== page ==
The Sacramento Bee is celebrating its 160th anniversary this year. This story is part of our ongoing coverage.
July 19, 1988: It was a day of loss and reunion, of the darkest terror and the brightest joy.
Candi Talarico, the 4-year-old kidnapped outside her midtown home 45 days ago, is alive and safe. So is 5-year-old Meuy Han Saefong, the daughter of refugees from Laos, who was snatched Monday from the street in front of her apartment at 35th and Y streets.
Late Monday afternoon, both girls were found at Elk Grove United Methodist Church: Candi was inside a cramped staircase cubbyhole under the altar; Meuy, bound with duct tape, was in the oven-like trunk of a car parked outside.
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Police said their abductor was Kenneth Alvin Michel, 32, of Elk Grove, a janitor at the church who cannot hear or speak.
Michel apparently also tried to kidnap a 6-year-old Elk Grove girl earlier Monday, but she escaped, police said. That turned out to be the key to cracking the case, as a witness copied down the license-plate number of the car the kidnapper was driving – the same car used several hours later in the Saefong abduction.
Michel was arrested at the church and booked into Sacramento County Jail on kidnapping charges. Hospital officials said both girls were in good condition and they were released late Monday.
“She’s all right, she’s all right,” Candi’s mother, Diane Van Gilder, cried when FBI agents told her that her daughter, whose case attracted nationwide attention, had been found. “I’m going to get my baby.”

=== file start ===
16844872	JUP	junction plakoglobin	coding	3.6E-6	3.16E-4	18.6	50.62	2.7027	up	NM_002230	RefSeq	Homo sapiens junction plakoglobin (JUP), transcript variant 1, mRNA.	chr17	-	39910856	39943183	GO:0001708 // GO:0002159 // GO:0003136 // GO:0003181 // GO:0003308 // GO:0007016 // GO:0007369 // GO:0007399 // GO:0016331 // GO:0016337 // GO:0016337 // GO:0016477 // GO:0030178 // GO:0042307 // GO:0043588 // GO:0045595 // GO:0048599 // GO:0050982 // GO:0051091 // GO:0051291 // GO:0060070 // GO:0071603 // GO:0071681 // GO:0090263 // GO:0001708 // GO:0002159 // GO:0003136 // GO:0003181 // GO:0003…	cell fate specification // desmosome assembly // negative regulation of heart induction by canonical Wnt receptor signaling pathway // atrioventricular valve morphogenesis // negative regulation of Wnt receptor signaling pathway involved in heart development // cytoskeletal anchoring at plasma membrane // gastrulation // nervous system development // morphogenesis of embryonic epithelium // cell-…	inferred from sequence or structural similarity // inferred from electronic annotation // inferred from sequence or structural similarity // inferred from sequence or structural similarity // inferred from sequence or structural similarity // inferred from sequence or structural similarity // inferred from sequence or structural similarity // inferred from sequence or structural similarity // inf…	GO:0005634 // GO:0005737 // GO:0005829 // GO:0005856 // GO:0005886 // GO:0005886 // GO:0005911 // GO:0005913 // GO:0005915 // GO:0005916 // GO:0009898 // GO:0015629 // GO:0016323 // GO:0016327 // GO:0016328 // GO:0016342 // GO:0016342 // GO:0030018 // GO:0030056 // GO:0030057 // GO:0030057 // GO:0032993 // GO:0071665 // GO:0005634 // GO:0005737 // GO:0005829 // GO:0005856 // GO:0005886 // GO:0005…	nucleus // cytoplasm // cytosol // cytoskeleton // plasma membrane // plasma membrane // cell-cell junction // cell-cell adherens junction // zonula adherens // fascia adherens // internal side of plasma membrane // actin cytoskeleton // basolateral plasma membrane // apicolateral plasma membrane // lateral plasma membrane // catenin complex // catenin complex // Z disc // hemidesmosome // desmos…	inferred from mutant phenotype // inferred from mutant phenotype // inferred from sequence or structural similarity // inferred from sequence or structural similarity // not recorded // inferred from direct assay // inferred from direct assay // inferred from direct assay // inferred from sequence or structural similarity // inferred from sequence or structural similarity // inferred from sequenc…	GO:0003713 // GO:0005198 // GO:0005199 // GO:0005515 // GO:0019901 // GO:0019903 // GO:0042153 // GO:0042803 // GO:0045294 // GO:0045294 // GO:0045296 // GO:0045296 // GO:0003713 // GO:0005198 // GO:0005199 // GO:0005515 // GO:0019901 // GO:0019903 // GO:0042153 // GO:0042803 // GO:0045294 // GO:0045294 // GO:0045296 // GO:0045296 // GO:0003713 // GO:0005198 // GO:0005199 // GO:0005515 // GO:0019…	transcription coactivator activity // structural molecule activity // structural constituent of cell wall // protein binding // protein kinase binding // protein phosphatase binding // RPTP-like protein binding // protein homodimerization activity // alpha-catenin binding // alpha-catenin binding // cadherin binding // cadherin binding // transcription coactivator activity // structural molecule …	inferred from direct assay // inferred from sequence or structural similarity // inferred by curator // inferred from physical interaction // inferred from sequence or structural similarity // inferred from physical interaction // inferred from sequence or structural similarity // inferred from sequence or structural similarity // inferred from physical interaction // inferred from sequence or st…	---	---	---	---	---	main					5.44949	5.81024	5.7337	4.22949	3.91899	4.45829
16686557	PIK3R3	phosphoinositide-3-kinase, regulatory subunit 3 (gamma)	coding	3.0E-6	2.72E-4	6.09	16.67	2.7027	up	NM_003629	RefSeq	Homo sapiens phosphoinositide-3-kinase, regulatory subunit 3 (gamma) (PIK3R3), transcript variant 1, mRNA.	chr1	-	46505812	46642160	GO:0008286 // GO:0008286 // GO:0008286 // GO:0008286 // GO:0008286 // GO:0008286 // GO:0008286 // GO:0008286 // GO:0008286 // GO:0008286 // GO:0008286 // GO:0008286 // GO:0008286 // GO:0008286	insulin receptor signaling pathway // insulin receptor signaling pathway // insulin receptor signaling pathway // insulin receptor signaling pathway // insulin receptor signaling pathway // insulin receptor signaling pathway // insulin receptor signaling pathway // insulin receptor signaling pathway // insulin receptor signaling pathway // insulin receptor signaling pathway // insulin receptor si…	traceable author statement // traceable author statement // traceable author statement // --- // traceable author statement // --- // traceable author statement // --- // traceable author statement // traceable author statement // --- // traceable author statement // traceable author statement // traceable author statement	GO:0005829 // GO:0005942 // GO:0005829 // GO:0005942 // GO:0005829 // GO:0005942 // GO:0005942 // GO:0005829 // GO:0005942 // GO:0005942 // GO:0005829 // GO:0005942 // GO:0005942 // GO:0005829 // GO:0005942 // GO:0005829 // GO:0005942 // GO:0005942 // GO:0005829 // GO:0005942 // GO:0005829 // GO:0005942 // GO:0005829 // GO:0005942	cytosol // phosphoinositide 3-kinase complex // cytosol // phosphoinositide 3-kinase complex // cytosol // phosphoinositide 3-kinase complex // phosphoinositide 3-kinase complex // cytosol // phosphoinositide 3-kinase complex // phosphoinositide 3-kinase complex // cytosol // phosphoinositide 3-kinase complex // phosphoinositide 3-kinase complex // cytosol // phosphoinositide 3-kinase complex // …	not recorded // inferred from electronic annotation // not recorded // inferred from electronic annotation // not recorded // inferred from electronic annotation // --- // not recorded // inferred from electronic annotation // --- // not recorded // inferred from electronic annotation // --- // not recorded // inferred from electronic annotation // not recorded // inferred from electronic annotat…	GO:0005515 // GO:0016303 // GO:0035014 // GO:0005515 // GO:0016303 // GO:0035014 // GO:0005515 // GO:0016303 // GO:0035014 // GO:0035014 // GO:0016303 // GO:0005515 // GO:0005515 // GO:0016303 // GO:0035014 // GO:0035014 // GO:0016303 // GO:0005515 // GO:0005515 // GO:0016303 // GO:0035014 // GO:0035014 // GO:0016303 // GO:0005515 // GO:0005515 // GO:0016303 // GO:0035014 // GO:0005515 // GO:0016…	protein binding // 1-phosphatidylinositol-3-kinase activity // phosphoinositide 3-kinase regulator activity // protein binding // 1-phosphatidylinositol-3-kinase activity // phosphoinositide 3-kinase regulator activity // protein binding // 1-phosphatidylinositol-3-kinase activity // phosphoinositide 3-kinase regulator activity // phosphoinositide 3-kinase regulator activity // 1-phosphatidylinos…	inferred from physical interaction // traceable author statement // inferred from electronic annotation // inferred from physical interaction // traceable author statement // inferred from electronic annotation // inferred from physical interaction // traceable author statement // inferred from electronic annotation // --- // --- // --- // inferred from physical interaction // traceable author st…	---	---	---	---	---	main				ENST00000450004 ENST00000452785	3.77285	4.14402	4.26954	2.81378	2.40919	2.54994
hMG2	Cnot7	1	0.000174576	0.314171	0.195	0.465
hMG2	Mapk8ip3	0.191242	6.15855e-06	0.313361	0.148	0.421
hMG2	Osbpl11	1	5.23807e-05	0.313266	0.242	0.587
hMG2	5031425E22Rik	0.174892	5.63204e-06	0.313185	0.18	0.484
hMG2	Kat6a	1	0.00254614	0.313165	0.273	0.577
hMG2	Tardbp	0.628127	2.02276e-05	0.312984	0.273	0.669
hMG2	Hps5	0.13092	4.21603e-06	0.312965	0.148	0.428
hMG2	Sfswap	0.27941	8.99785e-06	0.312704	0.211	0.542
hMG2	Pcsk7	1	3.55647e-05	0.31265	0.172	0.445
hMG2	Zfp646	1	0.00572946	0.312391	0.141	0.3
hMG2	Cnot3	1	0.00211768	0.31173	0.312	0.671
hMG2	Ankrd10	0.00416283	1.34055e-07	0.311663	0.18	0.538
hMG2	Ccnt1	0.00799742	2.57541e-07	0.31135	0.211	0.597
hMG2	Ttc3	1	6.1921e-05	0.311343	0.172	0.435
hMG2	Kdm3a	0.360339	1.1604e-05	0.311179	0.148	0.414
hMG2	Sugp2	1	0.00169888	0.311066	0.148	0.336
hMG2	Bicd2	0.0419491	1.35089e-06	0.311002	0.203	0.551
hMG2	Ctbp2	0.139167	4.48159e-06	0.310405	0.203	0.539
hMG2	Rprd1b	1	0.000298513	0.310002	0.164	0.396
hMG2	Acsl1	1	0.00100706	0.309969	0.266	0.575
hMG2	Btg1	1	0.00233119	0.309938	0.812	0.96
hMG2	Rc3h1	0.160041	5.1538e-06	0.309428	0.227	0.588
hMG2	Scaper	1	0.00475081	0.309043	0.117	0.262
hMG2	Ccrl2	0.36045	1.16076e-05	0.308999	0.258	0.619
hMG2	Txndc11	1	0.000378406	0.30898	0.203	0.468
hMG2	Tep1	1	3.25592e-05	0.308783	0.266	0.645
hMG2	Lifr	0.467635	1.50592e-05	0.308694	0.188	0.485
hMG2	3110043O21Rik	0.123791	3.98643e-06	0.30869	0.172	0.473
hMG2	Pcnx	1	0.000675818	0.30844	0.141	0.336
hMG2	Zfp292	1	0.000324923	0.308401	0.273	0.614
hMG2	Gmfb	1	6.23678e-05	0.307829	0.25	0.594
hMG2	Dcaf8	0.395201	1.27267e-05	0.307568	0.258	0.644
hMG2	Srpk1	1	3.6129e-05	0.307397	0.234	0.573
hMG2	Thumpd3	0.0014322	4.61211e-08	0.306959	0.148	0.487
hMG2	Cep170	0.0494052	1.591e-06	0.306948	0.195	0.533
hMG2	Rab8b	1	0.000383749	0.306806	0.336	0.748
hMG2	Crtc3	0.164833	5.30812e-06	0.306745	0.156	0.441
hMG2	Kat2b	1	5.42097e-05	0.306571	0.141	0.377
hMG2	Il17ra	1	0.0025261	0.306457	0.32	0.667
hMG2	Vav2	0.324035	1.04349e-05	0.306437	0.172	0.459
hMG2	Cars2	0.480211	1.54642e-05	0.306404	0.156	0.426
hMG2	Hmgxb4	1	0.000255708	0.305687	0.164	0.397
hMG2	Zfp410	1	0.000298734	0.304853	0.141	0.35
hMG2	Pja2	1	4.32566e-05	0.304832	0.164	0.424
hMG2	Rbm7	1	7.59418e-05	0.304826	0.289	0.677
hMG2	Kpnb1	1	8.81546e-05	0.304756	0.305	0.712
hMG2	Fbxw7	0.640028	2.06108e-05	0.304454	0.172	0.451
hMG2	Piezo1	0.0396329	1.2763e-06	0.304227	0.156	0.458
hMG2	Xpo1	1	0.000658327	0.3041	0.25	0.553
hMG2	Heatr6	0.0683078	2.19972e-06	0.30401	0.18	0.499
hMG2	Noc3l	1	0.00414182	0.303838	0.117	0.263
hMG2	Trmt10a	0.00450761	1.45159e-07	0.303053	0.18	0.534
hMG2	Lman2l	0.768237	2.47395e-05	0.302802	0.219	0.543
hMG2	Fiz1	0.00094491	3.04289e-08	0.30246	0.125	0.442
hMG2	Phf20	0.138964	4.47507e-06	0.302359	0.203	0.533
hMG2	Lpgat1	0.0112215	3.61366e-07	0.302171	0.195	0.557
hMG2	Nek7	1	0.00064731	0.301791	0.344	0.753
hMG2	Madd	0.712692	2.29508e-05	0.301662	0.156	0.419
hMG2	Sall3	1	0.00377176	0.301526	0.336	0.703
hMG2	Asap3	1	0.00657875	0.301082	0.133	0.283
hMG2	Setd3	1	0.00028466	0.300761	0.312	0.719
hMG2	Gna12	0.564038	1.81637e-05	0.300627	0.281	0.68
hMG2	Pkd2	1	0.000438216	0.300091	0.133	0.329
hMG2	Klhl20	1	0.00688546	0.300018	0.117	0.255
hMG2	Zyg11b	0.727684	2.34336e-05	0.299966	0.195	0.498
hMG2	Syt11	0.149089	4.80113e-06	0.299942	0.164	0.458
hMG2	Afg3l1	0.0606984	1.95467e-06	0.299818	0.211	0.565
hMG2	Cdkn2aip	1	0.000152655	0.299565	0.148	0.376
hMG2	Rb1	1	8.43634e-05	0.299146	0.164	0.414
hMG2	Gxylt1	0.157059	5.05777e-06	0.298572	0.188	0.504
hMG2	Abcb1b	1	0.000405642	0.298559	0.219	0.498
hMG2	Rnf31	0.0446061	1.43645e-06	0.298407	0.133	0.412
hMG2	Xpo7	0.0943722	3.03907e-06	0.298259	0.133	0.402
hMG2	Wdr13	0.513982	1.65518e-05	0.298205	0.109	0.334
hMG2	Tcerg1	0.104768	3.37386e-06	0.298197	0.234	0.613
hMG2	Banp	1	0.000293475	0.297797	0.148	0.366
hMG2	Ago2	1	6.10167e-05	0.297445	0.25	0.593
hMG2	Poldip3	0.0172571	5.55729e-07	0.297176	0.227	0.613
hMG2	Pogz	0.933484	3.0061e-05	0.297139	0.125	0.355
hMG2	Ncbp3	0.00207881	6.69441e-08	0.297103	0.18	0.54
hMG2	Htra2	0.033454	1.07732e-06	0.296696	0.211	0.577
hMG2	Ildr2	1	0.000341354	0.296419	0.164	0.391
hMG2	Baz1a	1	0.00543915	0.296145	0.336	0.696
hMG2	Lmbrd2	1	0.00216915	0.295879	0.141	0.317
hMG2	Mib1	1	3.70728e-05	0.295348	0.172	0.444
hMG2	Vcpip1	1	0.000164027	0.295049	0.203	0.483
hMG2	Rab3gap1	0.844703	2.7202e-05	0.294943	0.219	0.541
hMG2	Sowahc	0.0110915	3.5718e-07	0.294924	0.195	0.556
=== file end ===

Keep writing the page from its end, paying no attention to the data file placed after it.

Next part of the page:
Meuy Saefong’s parents, Weun Meng and Nai Liem Saefong, who are Mien tribespeople from Laos, speak no English. But they showed their gratitude with a religious custom, offering prayers as a Mien priest blew a horn.
Fire ravages Solons’ home in 1948
July 12, 1948: A spectacular flash fire, which was discovered shortly before midnight, destroyed Edmonds Filed, the home park of the Pacific Coast League’s Sacramento Solons, and three houses to the south of Riverside Boulevard.
Yubi Separovich, general manager and co-owner of the club, estimated the loss at nearly $1 million, declaring this amount would be necessary to replace the grandstand, bleachers and general equipment. He said the insurance on the property amounts to only $250,000.
Officials of the fire department reported the loss resulting from the damage to the nearby dwelling and an automobile will total at least an additional $35,000.
Six persons, including Fire Chief Terence Mulligan, were treated at the emergency hospital for either burns or injuries suffered during the fire.
A solid sheet of flame swept skyward from the main grandstand less than half an hour after the fire was discovered at 11:40 o’clock last night.
Flying embers from the main structures at the west end of the nine-acre field ignited bleachers, office buildings, night lighting equipment and three dwellings.
Only a small section of the bleachers at the extreme east end of the park remained standing after the fire was extinguished.
The concrete ramp at the entrance to the grandstands provided firemen with a firm foundation from which to pour tons of water into the flaming stands.
As the flames shot upward the entire section of the city in the vicinity of Broadway and Riverside Boulevard was as light as day for more than an hour. Thousands of persons watched more than 200 firemen and volunteers fight the scorching blaze.